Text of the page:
Tax Credit Overview – Filming in Manitoba Series

Tax Credit overview

Author: Michael Duboff, Entertainment Lawyer


Tax Credit Overview – Introduction

It is well known that Toronto and Vancouver are established hubs for film production in Canada. It is perhaps less well known that Manitoba (and Winnipeg in particular) has seen a recent boom in local filmmaking. For example, the 2021 action film, Nobody, was largely filmed in Winnipeg, as well as numerous television series and tentpole films such as Capote (2005), The Assassination of Jesse James by the Coward Robert Ford (2006), The Lookout (2007) and Goon (2011). The recent growth of Manitoba’s film industry can, at least in part, be explained by the province’s lucrative film and media tax credit program. This blog provides an introductory overview of what film and television producers need to know about the Manitoba tax credits available to them.


Film and Media Tax Credits, What Are They?

Film and media tax credits offer financing to eligible productions in the form of fully refundable tax credits. Eligible productions are able to recoup a percentage of their labour costs if they meet certain criteria.

In Manitoba, there are three film and media tax credits: the Manitoba Cost-of-Salaries Tax Credit, the Manitoba Cost-of-Production Tax Credit and the Manitoba Interactive Digital Media Tax Credit. The Manitoba Cost-of-Salaries Tax Credit (which we will refer to as the “MBCOSTC”) is the most established and widely used of the three tax credits, and is the subject of the remainder of this blog.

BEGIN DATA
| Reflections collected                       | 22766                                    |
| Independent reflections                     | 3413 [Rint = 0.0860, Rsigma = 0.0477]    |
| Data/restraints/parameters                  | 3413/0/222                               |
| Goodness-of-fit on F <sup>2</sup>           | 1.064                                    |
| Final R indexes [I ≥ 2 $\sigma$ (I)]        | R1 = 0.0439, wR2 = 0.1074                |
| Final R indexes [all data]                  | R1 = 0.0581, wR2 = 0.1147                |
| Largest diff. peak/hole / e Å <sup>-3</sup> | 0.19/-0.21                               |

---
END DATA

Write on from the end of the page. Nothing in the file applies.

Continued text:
Manitoba Cost-of-Salaries Tax Credit

The base tax credit for the MBCOSTC is 45% of “Eligible Manitoba Labour Expenditures”. For comparison, the main federal tax credits available from the Canadian Audio-Visual Certification Office (CAVCO) are 15% or 25% of eligible labour expenditures. The two main Ontario tax credits are 21.5% or 35% based on eligible Ontario labour expenditures.

The MBCOSTC is additionally eligible for the following bonuses, which can increase the tax credit to a maximum of 65% of eligible labour costs (a follow-up blog will delve further into the available bonuses):

  • Frequent Filming Bonus: a 10% increase on the third film produced within a two-year period. The 10% bonus can be carried on subsequent projects if the three film / two-year ratio is maintained.
  • Manitoba Producer Bonus: a 5% increase for co-producing with a Manitoba producer.
  • Rural and Northern Bonus: a 5% increase for shooting at least 50% of Manitoba production days at least 35 km from Winnipeg’s center (measured by the most direct driving distance from the intersection of Portage Avenue and Main Street in Winnipeg).

The MBCOSTC may be claimed in addition to CAVCO’s Canadian Film or Video Production Services Tax Credit (CPTC) and the Film or Video Production Services Tax Credit (PSTC), where eligible, further increasing the total tax credit to 70.6% of eligible labour expenditures. This potential tax credit refund far exceeds what is available elsewhere in Canada.